Unlike the report by Sekhar and Reddy (1982), a variety with a high lysine content could not be identified in the flavor variety in the present study. This could be the cause of different cultivation environments, such as fertilization and temperature as well as the narrow range of genetic resources used. However, the proportion of lysine was found to be relatively high in floury endosperm lines as in the mutants of corn and rice (Mertz et al. 1964; Kumamaru et al. 1997). Based on the reference, we analyzed the content of lysine and total amino acid from Milyang320 and LA1 showing floury endosperm, and our data confirmed that the lysine contents of floury rice were higher than that of a normal endosperm rice Nampyeong (Table 7). Such an example of a high floury characteristic can be an indicator to help effectively select a line with a high lysine content in mutant breeding programs, which is costly and time consuming for selection and analysis. In case of Milyang320, the lysine content was constantly high compare to that of control cultivar Nampyeong across the 5 different environment locations (Table 8, Fig 6), which would indicate that the lysine content of Milyang320 is controlled genetically and is stable across cultivation environments. Therefore, it is thought that the high lysine content lines such as Dharial mutants (high in protein content) and Milyang320 (high lysine ratio to the total amino acids) could be used as breeding materials to improve lysine content as well as for biofortification of rice.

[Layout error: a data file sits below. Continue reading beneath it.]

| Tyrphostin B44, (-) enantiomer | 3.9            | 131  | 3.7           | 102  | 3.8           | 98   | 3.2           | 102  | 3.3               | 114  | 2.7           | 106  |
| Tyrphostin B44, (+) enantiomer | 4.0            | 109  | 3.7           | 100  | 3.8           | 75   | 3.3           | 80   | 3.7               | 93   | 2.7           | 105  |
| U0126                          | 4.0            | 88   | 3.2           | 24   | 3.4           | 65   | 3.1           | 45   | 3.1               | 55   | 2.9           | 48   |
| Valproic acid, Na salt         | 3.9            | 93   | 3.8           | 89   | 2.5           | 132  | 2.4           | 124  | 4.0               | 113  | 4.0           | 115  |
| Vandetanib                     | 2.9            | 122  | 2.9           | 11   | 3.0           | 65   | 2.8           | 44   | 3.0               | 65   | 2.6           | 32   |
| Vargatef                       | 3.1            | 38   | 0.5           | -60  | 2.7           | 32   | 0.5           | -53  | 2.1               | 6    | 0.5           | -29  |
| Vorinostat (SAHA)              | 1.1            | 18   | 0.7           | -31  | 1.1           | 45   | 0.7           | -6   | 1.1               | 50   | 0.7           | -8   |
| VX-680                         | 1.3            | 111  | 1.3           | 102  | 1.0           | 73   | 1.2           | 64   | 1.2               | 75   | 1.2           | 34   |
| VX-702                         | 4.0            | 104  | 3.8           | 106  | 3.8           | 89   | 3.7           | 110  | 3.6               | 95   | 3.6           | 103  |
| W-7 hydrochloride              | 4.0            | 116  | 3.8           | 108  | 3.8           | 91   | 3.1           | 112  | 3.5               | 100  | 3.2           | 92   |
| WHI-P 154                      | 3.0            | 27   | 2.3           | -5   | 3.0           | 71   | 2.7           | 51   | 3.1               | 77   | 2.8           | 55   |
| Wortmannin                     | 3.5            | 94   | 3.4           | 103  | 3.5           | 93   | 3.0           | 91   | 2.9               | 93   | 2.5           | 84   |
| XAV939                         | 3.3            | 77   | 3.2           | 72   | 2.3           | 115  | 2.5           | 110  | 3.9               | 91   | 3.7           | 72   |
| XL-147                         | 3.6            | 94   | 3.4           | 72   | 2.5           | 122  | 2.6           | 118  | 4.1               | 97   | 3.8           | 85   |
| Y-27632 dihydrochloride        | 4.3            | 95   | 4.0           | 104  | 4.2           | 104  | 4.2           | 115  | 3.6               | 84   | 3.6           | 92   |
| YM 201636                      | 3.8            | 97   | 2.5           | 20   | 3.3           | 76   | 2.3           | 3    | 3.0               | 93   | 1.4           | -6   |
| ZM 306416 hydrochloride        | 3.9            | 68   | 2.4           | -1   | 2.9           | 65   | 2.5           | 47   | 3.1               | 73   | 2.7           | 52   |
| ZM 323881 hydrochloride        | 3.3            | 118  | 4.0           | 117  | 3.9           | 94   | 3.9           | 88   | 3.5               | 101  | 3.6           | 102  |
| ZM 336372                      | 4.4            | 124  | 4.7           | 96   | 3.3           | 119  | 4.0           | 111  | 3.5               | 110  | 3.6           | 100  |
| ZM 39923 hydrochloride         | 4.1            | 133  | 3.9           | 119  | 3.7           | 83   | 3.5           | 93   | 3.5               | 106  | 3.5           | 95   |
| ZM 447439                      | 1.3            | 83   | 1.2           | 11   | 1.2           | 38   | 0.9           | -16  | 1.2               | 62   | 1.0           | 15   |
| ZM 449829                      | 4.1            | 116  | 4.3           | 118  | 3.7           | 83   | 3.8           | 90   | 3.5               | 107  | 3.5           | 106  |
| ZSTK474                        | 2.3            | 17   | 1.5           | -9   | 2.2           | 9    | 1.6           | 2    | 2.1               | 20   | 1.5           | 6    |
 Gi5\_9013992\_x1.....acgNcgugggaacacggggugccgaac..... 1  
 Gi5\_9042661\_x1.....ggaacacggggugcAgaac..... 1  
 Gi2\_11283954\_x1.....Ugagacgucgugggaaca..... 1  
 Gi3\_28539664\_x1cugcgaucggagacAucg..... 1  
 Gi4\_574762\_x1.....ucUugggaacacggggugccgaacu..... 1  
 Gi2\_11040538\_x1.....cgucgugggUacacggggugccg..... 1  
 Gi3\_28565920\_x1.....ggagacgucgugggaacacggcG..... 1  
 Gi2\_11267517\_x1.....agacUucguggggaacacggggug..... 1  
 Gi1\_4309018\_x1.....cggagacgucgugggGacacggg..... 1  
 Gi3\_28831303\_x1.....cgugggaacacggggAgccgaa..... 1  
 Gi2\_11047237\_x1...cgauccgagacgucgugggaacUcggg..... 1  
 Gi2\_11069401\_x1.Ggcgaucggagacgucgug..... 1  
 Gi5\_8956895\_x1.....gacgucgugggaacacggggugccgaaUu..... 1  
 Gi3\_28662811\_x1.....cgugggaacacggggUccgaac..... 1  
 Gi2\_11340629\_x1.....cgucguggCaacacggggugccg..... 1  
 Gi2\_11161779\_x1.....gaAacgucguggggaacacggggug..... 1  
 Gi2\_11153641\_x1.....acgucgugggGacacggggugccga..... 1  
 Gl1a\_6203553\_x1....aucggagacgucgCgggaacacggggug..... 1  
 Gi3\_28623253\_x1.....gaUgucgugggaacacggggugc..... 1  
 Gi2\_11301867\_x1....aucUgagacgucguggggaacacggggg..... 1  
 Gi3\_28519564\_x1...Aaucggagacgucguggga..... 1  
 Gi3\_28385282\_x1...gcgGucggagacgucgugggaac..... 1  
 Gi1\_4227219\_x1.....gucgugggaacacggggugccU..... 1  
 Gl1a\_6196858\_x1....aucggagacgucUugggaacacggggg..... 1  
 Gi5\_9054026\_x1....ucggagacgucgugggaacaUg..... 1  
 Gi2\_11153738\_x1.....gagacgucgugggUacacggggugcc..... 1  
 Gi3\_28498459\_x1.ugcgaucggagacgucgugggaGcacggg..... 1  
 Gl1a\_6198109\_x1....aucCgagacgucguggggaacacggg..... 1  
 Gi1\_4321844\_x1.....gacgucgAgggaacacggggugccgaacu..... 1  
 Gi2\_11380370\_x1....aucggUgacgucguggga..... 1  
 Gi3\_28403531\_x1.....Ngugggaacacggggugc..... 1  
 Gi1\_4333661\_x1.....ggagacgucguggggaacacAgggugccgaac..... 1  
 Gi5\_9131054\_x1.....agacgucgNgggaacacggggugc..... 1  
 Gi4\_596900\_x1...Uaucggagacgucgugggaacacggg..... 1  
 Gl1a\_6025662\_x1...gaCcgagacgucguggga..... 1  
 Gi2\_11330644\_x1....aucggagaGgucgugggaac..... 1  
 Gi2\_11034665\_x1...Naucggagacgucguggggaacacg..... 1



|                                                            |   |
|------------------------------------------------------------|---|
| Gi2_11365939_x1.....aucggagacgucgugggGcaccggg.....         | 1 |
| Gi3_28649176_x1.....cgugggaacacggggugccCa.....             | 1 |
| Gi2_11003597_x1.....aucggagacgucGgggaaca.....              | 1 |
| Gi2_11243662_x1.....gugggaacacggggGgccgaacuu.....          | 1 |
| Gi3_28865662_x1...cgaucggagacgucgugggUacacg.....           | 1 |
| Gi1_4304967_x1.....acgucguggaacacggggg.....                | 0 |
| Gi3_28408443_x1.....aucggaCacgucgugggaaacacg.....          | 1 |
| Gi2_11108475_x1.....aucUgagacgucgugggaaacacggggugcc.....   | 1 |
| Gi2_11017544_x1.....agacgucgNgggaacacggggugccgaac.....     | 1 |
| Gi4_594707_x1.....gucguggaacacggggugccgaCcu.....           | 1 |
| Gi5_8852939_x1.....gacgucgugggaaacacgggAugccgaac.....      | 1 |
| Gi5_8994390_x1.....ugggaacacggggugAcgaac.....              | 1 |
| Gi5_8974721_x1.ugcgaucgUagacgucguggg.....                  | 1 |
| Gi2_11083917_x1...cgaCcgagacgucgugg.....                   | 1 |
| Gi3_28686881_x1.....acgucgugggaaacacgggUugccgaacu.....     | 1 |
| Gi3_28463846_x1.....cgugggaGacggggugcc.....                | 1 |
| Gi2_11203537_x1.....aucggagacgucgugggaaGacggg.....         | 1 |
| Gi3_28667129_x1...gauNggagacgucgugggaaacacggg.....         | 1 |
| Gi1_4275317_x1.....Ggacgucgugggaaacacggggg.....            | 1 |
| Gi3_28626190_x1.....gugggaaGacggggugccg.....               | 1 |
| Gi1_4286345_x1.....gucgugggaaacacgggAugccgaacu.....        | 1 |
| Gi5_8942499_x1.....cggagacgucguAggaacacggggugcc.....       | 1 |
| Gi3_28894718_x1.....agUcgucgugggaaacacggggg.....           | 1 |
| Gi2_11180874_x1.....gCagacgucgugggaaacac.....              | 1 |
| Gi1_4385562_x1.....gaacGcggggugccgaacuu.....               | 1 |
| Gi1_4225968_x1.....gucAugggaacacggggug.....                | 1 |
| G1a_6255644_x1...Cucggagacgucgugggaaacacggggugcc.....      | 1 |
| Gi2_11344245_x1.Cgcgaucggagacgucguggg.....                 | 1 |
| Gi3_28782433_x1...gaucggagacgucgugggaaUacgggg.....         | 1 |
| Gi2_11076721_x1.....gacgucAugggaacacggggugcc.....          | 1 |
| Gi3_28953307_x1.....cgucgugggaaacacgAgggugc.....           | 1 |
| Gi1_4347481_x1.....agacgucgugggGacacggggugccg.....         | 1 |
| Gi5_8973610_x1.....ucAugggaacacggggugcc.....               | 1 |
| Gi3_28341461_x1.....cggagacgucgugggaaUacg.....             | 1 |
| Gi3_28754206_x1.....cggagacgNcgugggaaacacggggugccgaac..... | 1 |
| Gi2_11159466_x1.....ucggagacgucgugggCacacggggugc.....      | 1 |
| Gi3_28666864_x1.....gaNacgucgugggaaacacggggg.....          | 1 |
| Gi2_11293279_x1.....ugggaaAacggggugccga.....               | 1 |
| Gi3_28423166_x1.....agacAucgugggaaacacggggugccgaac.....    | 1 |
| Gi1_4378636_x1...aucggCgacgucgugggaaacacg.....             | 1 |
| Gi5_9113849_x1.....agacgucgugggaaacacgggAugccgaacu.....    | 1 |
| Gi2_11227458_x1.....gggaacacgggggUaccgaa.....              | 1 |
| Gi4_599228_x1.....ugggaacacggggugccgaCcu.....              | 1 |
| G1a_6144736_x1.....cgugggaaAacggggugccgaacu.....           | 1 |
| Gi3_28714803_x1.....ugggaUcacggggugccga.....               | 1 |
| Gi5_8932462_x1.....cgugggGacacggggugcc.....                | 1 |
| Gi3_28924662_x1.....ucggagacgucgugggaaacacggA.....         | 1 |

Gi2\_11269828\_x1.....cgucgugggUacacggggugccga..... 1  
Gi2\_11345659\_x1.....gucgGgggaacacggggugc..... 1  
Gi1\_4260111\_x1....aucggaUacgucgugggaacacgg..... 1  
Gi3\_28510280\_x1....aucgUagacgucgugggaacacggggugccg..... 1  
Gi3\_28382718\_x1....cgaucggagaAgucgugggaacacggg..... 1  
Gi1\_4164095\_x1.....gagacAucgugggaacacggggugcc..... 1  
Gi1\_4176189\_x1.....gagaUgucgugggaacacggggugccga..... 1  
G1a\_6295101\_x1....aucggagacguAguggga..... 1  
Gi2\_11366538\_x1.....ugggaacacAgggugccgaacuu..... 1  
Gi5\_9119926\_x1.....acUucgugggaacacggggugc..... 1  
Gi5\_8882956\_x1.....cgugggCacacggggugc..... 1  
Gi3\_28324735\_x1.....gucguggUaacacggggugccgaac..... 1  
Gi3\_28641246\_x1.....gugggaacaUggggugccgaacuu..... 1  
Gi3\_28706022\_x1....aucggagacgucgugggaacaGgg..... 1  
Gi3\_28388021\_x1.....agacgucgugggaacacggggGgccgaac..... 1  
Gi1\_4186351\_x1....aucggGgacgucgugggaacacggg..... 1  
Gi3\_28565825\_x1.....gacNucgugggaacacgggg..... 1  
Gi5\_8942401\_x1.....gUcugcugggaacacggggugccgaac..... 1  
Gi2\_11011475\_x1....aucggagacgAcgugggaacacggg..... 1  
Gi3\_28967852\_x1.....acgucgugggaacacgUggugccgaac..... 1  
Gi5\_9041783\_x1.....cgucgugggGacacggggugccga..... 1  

This work was supported by the Rural Development Administration (Project title: Development of functional rice variety for fusion and complex of valuable charac-teristics, Project No.: PJ01428202), Republic of Korea. We would like also to appreciate Dr. Nkulu Rolly Kabange (DSACS, NICS, RDA) for kindly helping with English revision.